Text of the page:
One of the underdiscussed phenomena of the contemporary U.S. (because it doesn’t flatter the prejudices of either political party) is that black women’s economic and educational outcomes have improved more-or-less continuously since the Civil Rights movement. They have higher labor force participation than white women, and similar employment rates , have higher weekly wages in inflation adjusted dollars than white men did in 1997 ( table 16), hardly a dark time in the American economy, and enroll in college at much higher rates than white men . They have much higher returns to ability than do white men or white women ( see table 3). Black women earn 15% more than white women if you condition on 8th grade test scores .
Black teenage pregnancy rates, while still relatively higher, are now lower than white teenage pregnancy rates were in the 90s — again not a time that many people were tearing their hair out about the outcomes for white people. The incarceration rate for black women has declined by roughly 30% since 2000 ( p. 2 ) .
Some of these trends are related to the decline in black men’s earnings since the 80s and the dramatic increase in black male incarceration(since relatively few black households have two earners, women are required to earn more).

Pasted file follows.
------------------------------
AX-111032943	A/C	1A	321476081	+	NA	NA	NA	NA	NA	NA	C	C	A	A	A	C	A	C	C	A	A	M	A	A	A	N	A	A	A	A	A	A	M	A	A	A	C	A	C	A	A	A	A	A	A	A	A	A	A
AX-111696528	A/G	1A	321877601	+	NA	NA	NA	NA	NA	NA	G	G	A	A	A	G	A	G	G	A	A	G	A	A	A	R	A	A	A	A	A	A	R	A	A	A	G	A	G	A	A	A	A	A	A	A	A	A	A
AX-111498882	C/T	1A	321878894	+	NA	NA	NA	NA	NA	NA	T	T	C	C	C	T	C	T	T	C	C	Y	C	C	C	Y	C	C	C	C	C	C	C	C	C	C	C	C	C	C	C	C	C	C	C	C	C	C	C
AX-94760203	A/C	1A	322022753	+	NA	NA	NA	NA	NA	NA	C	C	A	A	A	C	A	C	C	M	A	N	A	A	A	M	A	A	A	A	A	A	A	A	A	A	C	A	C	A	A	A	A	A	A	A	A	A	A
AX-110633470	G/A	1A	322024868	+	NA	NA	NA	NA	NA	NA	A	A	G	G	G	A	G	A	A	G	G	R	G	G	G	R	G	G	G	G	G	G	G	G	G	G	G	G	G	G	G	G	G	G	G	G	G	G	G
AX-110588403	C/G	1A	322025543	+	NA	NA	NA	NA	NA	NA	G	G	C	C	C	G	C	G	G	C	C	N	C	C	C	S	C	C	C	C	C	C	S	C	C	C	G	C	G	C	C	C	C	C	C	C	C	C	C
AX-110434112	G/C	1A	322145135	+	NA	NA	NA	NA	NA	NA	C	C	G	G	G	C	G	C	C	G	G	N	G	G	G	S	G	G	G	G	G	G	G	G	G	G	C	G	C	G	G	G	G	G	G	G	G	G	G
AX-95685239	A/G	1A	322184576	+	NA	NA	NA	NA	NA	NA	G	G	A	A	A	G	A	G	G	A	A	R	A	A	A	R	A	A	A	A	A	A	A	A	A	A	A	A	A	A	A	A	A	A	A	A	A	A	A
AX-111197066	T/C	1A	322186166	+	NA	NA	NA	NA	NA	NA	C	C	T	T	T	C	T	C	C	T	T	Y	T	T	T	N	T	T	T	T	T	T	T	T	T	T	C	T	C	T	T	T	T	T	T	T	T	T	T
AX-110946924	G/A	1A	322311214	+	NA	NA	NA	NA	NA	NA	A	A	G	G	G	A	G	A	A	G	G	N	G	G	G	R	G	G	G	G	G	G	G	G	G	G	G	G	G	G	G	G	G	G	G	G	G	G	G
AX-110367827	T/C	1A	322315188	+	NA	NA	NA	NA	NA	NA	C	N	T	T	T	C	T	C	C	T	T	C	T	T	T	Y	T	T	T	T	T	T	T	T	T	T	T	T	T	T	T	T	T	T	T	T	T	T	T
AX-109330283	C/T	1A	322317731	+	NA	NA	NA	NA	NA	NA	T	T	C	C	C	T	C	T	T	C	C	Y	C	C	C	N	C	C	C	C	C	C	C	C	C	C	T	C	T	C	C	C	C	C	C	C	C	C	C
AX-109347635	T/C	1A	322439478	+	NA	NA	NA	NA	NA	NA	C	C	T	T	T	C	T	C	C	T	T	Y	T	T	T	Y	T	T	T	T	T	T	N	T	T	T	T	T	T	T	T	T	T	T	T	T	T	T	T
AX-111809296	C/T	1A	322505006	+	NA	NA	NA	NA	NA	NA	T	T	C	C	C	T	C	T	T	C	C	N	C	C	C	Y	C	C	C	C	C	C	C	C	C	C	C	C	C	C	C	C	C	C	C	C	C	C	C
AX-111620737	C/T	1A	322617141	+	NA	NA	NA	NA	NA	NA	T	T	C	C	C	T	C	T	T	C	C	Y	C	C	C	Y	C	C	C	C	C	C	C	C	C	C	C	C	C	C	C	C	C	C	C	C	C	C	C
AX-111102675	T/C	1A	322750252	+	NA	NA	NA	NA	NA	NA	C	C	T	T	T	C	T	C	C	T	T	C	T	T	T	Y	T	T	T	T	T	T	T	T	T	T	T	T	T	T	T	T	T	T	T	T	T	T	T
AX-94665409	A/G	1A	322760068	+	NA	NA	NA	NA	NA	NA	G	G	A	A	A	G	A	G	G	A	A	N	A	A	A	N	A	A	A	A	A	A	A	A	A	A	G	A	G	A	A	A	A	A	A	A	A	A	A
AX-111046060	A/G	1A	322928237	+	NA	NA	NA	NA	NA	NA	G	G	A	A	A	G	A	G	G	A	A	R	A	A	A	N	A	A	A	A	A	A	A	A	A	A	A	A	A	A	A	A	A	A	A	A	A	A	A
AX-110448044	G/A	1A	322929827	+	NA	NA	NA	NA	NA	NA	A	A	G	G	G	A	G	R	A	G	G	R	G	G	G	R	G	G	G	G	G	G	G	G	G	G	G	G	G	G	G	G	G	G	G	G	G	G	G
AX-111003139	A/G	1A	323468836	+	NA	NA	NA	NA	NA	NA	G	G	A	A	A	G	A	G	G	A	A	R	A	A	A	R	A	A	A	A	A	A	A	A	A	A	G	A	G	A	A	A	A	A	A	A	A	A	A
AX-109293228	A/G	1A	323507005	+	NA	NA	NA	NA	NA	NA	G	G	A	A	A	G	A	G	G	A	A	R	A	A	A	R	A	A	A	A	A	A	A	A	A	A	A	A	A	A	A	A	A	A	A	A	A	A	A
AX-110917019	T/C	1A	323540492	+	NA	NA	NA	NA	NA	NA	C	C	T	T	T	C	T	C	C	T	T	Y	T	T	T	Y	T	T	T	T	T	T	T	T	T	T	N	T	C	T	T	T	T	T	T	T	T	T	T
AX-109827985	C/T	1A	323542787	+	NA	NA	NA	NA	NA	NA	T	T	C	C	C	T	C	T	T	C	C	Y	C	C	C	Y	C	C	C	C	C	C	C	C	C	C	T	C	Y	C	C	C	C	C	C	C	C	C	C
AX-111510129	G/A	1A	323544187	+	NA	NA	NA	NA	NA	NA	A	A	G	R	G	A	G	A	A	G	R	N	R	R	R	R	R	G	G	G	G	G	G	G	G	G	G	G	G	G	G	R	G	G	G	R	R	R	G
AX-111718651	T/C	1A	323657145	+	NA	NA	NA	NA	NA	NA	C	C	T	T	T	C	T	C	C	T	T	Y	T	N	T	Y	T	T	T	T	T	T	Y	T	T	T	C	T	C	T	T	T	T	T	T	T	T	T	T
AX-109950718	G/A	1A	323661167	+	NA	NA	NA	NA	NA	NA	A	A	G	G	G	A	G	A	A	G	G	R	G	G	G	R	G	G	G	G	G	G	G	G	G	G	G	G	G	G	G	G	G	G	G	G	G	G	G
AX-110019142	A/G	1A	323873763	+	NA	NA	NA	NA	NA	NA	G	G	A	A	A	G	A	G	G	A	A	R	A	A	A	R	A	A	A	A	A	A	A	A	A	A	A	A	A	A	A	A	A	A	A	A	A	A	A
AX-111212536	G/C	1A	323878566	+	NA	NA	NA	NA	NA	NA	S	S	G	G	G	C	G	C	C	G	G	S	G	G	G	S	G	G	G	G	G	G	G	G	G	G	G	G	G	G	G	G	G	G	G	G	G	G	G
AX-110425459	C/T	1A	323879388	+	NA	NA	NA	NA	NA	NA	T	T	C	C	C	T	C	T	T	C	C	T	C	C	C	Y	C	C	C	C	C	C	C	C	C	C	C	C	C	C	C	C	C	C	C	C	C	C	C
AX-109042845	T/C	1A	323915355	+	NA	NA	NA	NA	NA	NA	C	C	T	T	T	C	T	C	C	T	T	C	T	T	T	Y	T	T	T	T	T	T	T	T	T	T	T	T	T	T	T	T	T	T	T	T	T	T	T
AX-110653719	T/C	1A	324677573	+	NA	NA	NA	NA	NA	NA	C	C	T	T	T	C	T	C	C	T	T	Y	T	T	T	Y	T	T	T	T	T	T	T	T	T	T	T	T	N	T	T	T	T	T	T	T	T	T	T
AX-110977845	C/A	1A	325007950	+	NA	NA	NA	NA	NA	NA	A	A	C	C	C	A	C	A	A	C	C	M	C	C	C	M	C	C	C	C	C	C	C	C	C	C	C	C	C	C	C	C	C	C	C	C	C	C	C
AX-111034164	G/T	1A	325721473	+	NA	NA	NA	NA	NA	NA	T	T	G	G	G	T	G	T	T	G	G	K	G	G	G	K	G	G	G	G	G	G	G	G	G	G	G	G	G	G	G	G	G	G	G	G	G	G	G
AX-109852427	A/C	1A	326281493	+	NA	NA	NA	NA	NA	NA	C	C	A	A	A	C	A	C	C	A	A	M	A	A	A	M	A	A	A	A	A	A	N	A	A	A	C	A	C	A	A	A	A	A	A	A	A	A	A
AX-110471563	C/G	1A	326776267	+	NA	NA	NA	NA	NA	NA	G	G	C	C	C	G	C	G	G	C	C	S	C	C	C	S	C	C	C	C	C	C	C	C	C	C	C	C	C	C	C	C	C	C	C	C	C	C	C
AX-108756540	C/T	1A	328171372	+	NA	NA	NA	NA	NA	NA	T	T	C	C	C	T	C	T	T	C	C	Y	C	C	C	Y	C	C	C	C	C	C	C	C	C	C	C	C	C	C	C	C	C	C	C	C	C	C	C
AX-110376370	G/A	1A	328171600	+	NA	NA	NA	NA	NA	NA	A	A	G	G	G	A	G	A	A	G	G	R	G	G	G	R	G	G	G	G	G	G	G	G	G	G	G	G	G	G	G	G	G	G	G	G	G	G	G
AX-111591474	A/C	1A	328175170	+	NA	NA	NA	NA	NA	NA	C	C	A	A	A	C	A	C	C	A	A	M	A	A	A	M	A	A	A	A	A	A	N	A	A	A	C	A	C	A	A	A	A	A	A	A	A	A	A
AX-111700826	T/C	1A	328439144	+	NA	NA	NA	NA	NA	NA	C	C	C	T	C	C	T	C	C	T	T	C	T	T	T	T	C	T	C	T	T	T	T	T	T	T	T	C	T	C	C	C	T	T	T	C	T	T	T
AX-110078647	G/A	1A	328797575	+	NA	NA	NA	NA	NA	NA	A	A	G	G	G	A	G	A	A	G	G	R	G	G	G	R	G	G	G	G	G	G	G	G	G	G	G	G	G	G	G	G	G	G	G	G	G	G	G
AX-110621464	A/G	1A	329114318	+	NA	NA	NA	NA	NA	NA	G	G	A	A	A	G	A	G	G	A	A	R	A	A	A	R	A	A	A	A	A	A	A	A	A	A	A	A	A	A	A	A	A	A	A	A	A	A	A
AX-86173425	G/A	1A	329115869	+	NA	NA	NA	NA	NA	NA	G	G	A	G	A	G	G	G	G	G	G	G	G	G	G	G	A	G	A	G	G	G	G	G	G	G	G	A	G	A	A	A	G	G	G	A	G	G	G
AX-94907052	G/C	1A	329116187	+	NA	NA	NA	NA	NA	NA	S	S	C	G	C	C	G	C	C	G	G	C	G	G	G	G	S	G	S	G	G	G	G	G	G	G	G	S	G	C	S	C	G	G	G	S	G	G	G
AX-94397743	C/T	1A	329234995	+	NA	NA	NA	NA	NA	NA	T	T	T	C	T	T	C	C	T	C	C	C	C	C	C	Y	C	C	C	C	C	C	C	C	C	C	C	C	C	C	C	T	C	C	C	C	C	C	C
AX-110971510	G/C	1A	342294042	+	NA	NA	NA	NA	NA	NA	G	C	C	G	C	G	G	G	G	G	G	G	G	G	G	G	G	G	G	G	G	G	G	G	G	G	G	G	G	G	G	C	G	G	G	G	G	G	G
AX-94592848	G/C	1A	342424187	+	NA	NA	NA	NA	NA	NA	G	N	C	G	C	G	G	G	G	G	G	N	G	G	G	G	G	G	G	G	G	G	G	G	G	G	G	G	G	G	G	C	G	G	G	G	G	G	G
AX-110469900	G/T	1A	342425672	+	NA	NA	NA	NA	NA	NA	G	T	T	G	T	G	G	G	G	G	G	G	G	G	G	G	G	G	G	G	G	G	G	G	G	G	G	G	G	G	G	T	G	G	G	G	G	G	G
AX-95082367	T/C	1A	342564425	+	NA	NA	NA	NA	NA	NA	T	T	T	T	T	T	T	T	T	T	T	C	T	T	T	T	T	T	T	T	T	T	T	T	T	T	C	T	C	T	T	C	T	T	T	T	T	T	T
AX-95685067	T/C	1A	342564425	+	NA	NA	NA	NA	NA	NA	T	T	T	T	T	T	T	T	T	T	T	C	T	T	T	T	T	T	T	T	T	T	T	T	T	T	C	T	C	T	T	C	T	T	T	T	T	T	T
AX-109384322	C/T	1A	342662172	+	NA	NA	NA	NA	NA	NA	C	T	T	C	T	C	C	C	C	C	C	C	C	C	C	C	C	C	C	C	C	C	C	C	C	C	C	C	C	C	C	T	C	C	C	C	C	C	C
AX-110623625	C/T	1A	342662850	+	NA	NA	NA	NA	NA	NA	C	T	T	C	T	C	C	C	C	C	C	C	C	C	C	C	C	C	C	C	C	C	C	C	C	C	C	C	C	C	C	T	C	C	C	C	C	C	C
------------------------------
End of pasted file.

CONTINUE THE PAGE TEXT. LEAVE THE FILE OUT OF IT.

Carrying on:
The picture, in fact, looks completely different if you don’t disaggregate by gender. So this is the Census’s numbers in 2014 dollars for Black household income:
Essentially flat from 1973 through 1990, a dramatic increase in the 90s, and then decline since the late 90s.
However, the CPS excludes incarcerated men, who dramatically increased in number during this same period . For example, among high school dropouts, almost a third of black men ages 20–40 were incarcerated in 2008, and by their early 30s, and the lifetime risk of imprisonment of black male high school dropouts was over 60 percent.
The employment-population ratio dropped significantly for black men during this period, much more than for white men, despite their being many more white retirees– and the EPR excludes currently incarcerated men as well. 24 percent of black children will have their father incarcerated by age 14.
Glenn Loury shows many of the trends by gender here (and shows that you had a steady increase in black women’s earnings, with black men’s earnings making no progress at all, and boys’ outcomes falling behind girls’ at early stages.